Amarin takes ap­pli­ca­tion to ex­pand Vas­cepa la­bel to the FDA as M&A chat­ter heats up

Hav­ing un­veiled an un­ex­pect­ed set of heart pro­tec­tive re­sults for their fish oil-de­rived pill Vas­cepa, Amarin is march­ing ahead to ful­fill block­buster ex­pec­ta­tions for its cho­les­terol-low­er­ing drug by sub­mit­ting an ap­pli­ca­tion to ex­pand Vas­cepa’s la­bel to in­clude the re­duc­tion in car­dio­vas­cu­lar risk.

The com­pa­ny sparked a flur­ry of M&A chat­ter af­ter re­veal­ing da­ta from the RE­DUCE-IT study last year — a 25% re­duc­tion in the risk for the first oc­cur­rence of a ma­jor car­dio event, and a 26% re­duc­tion for 3-point MACE, a com­pos­ite of car­dio­vas­cu­lar death, non­fa­tal heart at­tack and non­fa­tal stroke — al­though con­cerns about the im­pact of the min­er­al oil place­bo on the re­sults prompt­ed lin­ger­ing ques­tions. Ear­li­er this month, Amarin de­buted its ex­plorato­ry analy­sis of the tri­al, with re­searchers sug­gest­ing a 30% re­duc­tion in car­dio­vas­cu­lar events com­pared to the place­bo arm.

John Thero

“The RE­DUCE-IT re­sults sup­port that ap­prox­i­mate­ly 1 few­er ma­jor car­dio­vas­cu­lar ad­verse event would oc­cur on av­er­age for every 6 pa­tients treat­ed with Vas­cepa for 5 years on top of statin ther­a­py com­pared to place­bo,” Amarin chief John Thero said in a state­ment.

On Thurs­day, Amarin said it was op­er­at­ing un­der the as­sump­tion that the sN­DA will be re­viewed over a stan­dard ten months re­sult­ing in a PDU­FA date near the end of Jan­u­ary 2020, and that it ex­pects the reg­u­la­tor with or­ga­nize an ad­vi­so­ry com­mit­tee meet­ing of out­side ex­perts to de­lib­er­ate and rec­om­mend whether Vas­cepa’s la­bel should be ex­pand­ed be­fore the FDA makes its fi­nal de­ci­sion.

Ear­li­er in the week, the Amer­i­can Di­a­betes As­so­ci­a­tion is­sued fresh “stan­dards of care” guide­lines to in­clude Vas­cepa. They rec­om­mend­ed  that Vas­cepa “be con­sid­ered for pa­tients with di­a­betes and ath­er­o­scle­rot­ic car­dio­vas­cu­lar dis­ease or oth­er car­diac risk fac­tors on a statin with con­trolled LDL-C, but with el­e­vat­ed triglyc­erides to re­duce car­dio­vas­cu­lar risk.”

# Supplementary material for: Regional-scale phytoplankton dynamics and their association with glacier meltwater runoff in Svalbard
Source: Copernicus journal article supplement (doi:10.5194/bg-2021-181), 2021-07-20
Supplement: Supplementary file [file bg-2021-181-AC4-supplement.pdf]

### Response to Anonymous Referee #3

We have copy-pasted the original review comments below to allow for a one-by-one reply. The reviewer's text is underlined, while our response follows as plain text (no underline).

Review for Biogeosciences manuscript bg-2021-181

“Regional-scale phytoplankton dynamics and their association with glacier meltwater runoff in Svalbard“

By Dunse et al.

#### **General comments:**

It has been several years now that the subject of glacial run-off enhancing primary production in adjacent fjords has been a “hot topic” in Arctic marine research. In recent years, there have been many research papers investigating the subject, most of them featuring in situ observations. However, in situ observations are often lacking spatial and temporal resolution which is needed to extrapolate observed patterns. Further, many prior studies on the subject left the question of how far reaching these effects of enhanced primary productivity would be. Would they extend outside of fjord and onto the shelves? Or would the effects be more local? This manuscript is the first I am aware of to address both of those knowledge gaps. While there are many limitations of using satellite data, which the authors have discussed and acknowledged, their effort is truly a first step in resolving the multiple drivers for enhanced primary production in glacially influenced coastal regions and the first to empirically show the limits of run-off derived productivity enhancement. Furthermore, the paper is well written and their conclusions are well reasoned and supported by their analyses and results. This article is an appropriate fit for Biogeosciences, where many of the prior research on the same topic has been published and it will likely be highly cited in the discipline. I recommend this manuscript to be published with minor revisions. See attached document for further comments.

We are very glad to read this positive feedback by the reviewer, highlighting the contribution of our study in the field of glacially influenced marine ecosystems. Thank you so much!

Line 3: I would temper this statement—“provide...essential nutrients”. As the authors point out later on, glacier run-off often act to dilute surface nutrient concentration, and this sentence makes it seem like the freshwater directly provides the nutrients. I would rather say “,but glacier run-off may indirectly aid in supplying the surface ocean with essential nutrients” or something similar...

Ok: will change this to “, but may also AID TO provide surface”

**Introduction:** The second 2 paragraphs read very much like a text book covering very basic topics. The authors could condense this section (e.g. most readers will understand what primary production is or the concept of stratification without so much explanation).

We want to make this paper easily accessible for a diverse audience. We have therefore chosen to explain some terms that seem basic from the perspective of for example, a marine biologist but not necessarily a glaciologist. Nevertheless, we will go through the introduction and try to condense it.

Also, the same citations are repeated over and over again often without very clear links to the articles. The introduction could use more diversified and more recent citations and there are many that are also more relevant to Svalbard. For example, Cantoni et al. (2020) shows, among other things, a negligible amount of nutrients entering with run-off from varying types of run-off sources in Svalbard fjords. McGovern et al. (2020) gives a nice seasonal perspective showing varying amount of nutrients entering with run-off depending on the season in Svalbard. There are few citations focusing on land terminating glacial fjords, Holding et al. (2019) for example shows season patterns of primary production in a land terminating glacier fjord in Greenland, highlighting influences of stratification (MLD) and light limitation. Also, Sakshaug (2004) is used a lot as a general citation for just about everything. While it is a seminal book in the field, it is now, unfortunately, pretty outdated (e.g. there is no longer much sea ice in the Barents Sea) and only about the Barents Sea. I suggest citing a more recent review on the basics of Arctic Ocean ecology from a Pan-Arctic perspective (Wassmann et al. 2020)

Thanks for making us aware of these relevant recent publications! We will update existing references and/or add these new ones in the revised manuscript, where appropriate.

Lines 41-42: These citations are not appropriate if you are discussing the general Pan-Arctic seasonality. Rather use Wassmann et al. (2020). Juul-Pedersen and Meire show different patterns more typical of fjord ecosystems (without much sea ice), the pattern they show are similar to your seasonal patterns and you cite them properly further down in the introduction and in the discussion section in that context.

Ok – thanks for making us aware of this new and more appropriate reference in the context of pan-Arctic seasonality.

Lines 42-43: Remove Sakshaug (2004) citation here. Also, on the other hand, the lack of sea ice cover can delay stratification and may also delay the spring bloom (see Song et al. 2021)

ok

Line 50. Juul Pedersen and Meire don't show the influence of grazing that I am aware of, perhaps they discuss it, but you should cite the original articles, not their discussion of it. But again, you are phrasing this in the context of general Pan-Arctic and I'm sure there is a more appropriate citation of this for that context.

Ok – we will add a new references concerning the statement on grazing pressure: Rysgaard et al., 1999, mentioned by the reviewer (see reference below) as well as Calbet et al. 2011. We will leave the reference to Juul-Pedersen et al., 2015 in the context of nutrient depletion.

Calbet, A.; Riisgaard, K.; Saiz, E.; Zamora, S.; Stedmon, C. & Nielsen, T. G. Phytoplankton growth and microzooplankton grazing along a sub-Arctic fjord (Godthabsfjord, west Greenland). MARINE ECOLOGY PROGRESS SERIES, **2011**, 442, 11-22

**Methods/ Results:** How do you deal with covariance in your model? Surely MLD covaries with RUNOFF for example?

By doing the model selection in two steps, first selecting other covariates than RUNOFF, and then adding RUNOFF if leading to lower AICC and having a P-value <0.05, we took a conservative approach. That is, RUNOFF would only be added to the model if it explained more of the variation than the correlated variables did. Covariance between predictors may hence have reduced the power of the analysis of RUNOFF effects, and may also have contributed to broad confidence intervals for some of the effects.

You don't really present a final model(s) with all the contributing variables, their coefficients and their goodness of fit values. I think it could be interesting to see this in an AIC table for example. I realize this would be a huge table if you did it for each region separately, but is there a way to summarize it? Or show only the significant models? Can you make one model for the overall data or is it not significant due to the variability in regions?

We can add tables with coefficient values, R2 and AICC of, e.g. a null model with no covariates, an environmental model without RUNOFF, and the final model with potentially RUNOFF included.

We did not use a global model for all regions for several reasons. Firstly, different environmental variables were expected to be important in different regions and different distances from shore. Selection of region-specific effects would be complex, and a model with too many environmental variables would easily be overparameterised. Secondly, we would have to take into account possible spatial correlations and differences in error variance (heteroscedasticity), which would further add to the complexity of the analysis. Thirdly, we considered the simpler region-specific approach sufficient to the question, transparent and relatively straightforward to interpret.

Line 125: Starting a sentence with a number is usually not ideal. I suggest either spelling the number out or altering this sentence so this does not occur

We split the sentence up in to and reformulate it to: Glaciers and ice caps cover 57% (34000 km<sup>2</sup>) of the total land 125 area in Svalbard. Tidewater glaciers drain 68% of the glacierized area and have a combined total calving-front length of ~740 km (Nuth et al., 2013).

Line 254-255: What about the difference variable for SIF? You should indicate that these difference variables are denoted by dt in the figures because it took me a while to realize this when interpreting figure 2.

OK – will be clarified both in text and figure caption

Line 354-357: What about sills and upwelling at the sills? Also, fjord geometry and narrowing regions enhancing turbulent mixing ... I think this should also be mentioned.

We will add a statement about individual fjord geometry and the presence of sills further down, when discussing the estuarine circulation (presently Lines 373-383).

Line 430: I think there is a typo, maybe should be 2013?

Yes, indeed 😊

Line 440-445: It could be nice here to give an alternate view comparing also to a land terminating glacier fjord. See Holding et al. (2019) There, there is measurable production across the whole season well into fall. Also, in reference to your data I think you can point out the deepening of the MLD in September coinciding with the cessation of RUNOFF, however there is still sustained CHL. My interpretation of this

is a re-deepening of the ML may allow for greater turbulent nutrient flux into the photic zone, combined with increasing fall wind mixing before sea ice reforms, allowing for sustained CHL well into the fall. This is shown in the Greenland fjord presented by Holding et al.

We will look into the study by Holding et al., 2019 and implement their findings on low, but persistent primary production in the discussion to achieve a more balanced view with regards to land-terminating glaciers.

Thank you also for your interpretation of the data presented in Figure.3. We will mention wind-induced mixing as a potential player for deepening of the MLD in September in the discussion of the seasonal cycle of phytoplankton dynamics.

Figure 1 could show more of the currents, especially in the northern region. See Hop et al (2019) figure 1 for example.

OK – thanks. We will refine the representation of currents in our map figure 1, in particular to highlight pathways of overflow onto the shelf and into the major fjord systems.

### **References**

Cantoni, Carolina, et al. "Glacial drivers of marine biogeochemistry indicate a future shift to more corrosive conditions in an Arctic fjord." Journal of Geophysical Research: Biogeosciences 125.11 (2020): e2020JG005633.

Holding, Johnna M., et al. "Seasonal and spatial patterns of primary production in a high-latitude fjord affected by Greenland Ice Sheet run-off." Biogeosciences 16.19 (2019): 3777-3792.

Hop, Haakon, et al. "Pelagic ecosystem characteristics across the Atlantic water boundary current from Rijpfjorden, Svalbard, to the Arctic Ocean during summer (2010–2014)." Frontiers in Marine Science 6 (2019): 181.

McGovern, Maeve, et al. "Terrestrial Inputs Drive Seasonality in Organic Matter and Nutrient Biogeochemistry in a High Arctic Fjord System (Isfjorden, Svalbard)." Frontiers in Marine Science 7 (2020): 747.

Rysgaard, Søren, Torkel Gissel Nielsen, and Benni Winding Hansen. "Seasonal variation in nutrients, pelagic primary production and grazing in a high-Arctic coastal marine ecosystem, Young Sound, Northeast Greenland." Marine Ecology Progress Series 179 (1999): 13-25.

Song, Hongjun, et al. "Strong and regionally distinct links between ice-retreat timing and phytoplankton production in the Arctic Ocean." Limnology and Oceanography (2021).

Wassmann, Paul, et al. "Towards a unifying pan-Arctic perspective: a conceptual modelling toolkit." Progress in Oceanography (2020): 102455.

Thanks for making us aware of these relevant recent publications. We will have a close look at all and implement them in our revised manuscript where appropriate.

Vas­cepa, which gen­er­at­ed about $229 mil­lion in 2018 sales, com­pris­es omega-3 acid called EPA de­rived from fish — was orig­i­nal­ly ap­proved in 2012 for pa­tients with se­vere hy­per­triglyc­eridemia. It is rea­son­ably priced with an an­nu­al price tag of rough­ly $2400, Amarin con­tends, adding that the ma­jor­i­ty of in­sured pa­tients in­sur­ance who ob­tain Vas­cepa pre­scrip­tions pay a month­ly co-pay charge of $9.99 or less.

If and when Vas­cepa’s la­bel is ex­pand­ed, the com­pa­ny aims to keep Vas­cepa “af­ford­ably priced” Thero told End­points News in an emailed state­ment.

Mean­while, PC­SK9 in­hibitors that were ap­proved in 2015 car­ried a price close to $14,000 and were pegged to at­tain block­buster sta­tus for their abil­i­ty to dra­mat­i­cal­ly low­er lev­els of LDL cho­les­terol, fac­ing push­back from in­sur­ers for their high stick­er prices that led to low­er adop­tion than ex­pect­ed, de­spite lat­er tri­als that demon­strat­ed they al­so sig­nif­i­cant­ly cut the risk of heart at­tacks and stroke. Fol­low­ing Am­gen’s de­ci­sion to slash the price of its PC­SK9 drug Repatha by 60% to $5,850 last year, the team be­hind their main ri­val treat­ment, Pralu­ent — Re­gen­eron $REGN and Sanofi $SNY — have fol­lowed suit with the same dis­count, be­gin­ning ear­ly March.

In 2016, Amarin $AM­RN won a land­mark rul­ing against the FDA, which al­lowed the drug­mak­er to ex­er­cise its first amend­ment rights by pro­mot­ing Vas­cepa for off-la­bel us­es as long as it does so ‘truth­ful­ly.’ The com­pa­ny was al­so seek­ing to mar­ket the drug to pa­tients with not just se­vere triglyc­eride lev­els, but those con­sid­ered to have ‘high’ lev­els of the blood fat.

John Hood [file photo]

UP­DATE: Cel­gene and the sci­en­tist who cham­pi­oned fe­dra­tinib's rise from Sanofi's R&D grave­yard win FDA OK

Six years after Sanofi gave it up for dead, the FDA has approved the myelofibrosis drug fedratinib, now owned by Celgene.

The drug will be sold as Inrebic, and will soon land in the portfolio at Bristol-Myers Squibb, which is finalizing a deal to acquire Celgene.

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UP­DAT­ED: AveX­is sci­en­tif­ic founder was axed — and No­var­tis names a new CSO in wake of an ethics scan­dal

Now at the center of a storm of controversy over its decision to keep its knowledge of manipulated data hidden from regulators during an FDA review, Novartis CEO Vas Narasimhan has found a longtime veteran in the ranks to head the scientific work underway at AveXis, where the incident occurred. And the scientific founder has hit the exit.

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Ab­b­Vie gets its FDA OK for JAK in­hibitor upadac­i­tinib, but don’t look for this one to hit ex­ecs’ lofty ex­pec­ta­tions

Another big drug approval came through on Friday afternoon as the FDA OK’d AbbVie’s upadacitinib — an oral JAK1 inhibitor that is hitting the rheumatoid arthritis market with a black box warning of serious malignancies, infections and thrombosis reflecting fears associated with the class.